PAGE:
“We have a phenomenal group of professional engineers and this is their job, to make these models for these patients to utilize these very advanced CAD tools to perform virtual surgery, flow simulation and final element analysis,” Hoganson said. “It has been transformational for the heart center and I am excited some of these techniques are starting to be used by other centers also.”

Collaborating with Dassault Systemès has enabled Hoganson to focus on developing patient-centered and patient-specific modeling and simulation to “advance at a pace we would never have dreamed would occur”.

“The highest risk patients require meticulous planning that goes beyond experience,” he said. “Better planning equates better clinical outcomes. With this technology, we can make things we can control as perfect as possible.”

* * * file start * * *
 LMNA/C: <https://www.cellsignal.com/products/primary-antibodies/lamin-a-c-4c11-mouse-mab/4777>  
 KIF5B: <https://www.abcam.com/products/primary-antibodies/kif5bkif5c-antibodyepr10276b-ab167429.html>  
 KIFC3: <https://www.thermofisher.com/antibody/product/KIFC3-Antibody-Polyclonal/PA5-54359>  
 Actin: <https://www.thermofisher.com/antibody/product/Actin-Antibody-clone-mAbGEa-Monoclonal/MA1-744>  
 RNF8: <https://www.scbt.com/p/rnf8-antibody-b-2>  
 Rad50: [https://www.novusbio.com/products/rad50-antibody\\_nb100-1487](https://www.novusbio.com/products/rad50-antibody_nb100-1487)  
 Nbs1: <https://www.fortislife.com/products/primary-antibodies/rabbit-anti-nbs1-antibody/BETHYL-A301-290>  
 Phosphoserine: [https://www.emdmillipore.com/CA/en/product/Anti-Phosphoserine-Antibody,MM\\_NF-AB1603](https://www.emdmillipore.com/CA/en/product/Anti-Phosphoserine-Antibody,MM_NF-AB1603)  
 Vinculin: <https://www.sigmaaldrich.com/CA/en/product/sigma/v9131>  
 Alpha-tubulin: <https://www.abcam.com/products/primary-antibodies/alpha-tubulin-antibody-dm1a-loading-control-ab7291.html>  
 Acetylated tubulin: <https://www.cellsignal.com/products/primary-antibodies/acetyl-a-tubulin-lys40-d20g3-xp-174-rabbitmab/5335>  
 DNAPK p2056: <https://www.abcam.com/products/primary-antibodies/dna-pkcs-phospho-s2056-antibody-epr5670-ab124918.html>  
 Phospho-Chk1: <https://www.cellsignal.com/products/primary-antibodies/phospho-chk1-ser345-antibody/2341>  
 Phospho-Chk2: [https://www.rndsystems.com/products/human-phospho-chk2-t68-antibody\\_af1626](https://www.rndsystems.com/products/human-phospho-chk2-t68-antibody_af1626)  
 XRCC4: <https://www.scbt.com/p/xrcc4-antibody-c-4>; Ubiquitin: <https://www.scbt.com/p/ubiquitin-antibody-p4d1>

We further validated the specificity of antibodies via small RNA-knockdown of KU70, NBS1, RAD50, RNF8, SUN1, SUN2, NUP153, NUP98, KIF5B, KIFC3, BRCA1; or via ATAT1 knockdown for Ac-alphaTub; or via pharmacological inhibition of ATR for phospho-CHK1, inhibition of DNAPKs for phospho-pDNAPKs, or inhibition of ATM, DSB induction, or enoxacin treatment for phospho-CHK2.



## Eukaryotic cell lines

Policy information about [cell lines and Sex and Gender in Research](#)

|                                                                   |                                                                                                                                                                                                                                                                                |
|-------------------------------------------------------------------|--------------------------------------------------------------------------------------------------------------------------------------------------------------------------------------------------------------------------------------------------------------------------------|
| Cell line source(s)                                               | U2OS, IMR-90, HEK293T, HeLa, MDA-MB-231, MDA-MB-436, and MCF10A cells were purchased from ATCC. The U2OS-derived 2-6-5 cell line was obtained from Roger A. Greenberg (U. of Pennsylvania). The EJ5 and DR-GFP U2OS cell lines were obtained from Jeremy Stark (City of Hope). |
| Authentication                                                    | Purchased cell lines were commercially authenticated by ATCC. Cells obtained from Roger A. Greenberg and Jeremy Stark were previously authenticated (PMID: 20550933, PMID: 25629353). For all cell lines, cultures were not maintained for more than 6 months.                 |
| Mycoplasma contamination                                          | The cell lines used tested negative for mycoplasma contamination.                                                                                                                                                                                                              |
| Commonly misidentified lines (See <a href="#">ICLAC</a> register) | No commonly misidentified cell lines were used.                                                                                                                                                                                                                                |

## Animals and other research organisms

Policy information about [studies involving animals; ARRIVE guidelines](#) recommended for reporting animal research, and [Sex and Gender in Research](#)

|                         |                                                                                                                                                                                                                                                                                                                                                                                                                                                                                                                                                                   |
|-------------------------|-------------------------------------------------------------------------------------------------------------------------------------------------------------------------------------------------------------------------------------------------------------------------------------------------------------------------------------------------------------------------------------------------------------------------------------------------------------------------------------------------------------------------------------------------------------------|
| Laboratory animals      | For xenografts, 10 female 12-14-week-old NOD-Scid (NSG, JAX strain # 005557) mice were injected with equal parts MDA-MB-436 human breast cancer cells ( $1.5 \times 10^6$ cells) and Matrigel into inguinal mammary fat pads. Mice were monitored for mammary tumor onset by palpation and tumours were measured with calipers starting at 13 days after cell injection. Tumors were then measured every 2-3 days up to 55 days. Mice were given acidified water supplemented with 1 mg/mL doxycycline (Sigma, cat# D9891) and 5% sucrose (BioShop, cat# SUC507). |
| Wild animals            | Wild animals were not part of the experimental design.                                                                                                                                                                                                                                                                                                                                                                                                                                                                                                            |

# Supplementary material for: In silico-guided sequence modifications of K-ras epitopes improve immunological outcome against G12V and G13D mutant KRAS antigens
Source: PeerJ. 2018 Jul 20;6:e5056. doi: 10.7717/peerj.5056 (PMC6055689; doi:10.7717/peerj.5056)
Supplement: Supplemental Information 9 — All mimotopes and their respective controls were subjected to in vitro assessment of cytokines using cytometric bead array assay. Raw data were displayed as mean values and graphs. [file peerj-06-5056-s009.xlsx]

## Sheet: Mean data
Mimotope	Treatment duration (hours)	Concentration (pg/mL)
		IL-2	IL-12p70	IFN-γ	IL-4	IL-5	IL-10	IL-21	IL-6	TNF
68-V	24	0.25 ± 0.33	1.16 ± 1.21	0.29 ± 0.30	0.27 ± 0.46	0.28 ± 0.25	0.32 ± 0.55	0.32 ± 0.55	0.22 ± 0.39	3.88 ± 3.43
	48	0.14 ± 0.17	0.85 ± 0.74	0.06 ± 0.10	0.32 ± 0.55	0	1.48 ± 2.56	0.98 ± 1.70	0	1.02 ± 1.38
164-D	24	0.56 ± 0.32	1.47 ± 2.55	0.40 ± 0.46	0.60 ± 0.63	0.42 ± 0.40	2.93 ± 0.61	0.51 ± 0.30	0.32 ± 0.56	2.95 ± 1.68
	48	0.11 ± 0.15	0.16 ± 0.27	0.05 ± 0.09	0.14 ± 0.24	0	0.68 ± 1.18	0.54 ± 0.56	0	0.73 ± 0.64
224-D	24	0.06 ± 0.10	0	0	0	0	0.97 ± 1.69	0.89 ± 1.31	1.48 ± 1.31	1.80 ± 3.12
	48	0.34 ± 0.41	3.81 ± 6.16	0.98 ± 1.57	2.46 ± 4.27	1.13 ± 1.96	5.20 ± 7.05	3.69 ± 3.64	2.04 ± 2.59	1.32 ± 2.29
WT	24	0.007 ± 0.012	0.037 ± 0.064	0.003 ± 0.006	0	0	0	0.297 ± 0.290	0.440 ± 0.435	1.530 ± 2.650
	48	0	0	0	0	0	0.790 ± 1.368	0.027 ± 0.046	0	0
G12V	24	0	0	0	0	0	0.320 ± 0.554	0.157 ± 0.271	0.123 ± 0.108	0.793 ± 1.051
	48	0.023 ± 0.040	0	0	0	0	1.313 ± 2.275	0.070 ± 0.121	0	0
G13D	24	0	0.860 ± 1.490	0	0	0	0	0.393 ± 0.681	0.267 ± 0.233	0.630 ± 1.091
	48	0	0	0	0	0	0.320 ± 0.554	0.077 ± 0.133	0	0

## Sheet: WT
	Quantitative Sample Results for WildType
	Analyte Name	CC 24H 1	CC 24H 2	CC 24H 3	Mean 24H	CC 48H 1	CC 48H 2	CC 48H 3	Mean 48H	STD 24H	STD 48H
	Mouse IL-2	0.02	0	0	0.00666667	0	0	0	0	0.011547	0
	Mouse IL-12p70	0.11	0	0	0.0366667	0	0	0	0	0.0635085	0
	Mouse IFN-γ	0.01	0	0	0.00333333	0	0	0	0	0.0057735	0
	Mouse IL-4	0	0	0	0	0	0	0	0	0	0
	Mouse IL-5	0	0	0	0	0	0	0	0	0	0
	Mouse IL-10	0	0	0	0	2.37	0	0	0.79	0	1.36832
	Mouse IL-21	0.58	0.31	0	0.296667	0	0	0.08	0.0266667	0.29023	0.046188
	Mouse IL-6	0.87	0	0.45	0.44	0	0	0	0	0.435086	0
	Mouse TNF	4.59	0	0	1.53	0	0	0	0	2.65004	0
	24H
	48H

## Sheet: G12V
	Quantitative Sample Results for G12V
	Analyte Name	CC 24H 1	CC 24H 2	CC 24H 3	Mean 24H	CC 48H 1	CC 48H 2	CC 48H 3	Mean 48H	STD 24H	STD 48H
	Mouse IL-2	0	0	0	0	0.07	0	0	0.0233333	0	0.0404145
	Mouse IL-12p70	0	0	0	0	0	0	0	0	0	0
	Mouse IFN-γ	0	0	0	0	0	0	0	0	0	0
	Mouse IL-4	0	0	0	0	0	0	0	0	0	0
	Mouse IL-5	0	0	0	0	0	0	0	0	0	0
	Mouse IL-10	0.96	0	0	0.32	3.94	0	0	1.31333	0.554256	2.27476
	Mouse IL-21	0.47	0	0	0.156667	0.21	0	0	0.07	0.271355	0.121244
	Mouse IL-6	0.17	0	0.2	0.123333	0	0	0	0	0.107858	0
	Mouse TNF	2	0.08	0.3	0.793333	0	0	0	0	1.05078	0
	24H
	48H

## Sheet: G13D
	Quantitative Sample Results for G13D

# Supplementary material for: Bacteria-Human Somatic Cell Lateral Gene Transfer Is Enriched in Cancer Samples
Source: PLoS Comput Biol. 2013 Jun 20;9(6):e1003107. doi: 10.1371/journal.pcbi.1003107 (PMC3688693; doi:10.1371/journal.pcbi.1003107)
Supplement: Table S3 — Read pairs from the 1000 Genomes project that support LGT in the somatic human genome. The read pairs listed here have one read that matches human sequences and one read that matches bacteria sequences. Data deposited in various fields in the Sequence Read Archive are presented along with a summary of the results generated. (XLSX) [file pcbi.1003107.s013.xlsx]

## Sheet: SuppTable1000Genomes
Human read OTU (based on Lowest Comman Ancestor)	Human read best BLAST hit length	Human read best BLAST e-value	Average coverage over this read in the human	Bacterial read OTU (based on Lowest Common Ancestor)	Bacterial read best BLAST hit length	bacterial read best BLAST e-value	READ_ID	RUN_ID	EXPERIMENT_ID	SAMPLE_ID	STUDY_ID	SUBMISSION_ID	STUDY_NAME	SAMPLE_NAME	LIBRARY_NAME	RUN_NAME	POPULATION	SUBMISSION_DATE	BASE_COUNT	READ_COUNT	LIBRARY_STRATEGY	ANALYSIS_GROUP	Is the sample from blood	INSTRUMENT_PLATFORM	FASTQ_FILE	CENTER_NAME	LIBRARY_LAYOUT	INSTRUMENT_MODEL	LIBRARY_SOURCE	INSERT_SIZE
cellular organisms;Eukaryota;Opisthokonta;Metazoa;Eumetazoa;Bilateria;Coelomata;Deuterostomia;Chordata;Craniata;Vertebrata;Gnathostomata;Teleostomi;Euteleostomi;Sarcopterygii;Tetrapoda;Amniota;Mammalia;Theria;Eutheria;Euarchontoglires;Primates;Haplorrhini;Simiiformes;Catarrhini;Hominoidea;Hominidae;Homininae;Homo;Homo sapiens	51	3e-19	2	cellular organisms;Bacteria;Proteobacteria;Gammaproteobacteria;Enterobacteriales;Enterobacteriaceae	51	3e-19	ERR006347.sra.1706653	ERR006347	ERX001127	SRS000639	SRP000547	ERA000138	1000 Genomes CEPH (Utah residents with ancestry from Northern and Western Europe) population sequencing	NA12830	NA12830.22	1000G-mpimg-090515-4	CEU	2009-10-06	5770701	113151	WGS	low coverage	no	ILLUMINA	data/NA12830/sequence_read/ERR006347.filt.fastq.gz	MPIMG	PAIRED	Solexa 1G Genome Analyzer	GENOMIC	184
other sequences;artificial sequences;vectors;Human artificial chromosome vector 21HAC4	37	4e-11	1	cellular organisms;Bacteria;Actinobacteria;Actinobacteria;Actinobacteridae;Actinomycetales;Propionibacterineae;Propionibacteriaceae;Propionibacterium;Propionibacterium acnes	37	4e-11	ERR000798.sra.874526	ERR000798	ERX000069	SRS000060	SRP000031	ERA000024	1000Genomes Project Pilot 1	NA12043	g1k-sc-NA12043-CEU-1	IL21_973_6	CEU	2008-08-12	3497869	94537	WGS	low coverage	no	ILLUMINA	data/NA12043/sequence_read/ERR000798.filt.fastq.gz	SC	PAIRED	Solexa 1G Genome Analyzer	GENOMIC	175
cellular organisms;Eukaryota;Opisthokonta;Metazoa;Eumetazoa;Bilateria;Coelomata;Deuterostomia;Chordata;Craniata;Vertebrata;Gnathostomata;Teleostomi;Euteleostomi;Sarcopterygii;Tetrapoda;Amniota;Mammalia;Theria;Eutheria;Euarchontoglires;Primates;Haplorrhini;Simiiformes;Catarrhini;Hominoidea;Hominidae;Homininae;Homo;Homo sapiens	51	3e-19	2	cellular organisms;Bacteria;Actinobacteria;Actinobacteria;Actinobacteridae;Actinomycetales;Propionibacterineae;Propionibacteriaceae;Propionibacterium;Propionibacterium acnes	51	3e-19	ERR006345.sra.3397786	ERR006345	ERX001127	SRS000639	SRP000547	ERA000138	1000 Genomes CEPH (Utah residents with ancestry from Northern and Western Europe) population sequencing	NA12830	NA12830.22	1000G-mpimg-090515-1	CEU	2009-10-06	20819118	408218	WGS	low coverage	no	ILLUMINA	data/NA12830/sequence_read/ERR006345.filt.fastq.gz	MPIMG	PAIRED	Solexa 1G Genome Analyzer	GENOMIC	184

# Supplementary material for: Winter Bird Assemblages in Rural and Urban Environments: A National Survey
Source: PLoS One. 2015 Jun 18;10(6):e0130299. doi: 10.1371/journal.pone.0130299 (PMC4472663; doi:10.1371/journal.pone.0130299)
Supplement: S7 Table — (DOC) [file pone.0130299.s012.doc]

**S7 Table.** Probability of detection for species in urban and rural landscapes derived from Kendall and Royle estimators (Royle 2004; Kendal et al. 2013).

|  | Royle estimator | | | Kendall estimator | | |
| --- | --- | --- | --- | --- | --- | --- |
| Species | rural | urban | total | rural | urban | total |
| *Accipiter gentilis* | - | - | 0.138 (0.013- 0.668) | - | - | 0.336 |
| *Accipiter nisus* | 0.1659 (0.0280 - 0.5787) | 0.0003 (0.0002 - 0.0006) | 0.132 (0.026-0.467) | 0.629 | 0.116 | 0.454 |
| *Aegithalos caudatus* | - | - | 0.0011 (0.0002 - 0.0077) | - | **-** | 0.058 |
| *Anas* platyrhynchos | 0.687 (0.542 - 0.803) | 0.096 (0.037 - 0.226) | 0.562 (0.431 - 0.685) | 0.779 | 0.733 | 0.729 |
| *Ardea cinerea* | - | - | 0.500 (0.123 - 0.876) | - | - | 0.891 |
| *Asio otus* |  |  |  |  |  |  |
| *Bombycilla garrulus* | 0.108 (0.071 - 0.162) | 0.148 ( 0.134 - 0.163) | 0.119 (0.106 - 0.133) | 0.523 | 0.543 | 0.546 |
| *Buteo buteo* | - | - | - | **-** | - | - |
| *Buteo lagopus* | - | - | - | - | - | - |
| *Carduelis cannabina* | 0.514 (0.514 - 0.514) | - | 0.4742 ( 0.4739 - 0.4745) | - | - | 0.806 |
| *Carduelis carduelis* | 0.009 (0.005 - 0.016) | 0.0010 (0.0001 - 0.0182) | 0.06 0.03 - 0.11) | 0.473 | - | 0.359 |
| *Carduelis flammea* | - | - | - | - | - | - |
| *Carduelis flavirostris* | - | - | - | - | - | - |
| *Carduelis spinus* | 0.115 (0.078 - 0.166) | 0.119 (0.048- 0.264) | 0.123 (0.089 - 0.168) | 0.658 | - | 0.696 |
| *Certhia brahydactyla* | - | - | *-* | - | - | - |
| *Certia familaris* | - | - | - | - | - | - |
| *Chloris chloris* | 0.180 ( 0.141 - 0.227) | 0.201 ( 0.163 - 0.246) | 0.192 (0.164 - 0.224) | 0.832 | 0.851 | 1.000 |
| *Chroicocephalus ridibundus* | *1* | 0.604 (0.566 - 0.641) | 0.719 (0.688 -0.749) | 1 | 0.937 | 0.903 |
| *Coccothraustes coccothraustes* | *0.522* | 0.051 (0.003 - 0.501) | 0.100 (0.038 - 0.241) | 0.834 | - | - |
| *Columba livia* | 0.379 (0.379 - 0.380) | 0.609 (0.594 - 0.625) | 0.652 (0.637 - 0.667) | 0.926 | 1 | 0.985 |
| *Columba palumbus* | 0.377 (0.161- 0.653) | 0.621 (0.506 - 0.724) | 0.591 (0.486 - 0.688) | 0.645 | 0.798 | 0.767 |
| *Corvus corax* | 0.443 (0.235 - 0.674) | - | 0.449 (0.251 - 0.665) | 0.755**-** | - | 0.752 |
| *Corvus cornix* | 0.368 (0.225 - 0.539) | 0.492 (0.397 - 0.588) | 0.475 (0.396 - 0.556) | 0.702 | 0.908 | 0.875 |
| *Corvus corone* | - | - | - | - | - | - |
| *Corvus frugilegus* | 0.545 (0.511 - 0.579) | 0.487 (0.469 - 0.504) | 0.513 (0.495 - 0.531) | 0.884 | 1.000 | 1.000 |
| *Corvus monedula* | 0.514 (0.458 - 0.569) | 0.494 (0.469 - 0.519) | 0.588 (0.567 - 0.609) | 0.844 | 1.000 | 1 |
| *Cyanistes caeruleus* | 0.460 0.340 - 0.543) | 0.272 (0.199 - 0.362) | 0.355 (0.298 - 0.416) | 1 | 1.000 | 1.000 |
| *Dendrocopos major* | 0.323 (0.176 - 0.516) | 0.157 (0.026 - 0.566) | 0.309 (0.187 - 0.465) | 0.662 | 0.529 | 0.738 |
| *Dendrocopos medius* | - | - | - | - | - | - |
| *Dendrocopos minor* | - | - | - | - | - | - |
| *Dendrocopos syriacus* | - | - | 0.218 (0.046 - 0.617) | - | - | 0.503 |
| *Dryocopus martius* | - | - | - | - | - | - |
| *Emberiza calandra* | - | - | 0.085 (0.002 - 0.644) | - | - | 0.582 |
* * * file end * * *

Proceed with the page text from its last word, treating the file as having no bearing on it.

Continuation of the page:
Virtual twins in healthcare: how it works

Using the 3DEXPERIENCE platform, engineers create virtual twins that show specific heart defects enabling Hoganson and his team to devise and practice patient-specific plans of action.

The process starts with a CT scan or MRI of the patient’s heart. A 3D model is created through a process called segmentation. Each area of the heart is shown in a different color. Surgeons can turn any component of the model on or off and get any cross-sectional, external or internal views of any anatomical feature.

In one example, a child with several holes of varying sizes between their mitral valve and pulmonary valve, he said, would need patches to enlarge the aorta and close the holes. The patches would need to be strong and flexible enough to stretch against the pressure of blood flow. 

Hoganson explained: “The challenge is, when you operate inside the heart, or reconstruct the aorta or pulmonary artery, everything is zero pressure: flaccid. It is not the size and shape you are targeting.”

Dassault Systèmes’ modeling and simulation suites, CATIA and SIMULIA were used to ensure that the patch material, which starts out flat, would fold into the correct shape to meet the patient’s unique needs, he said.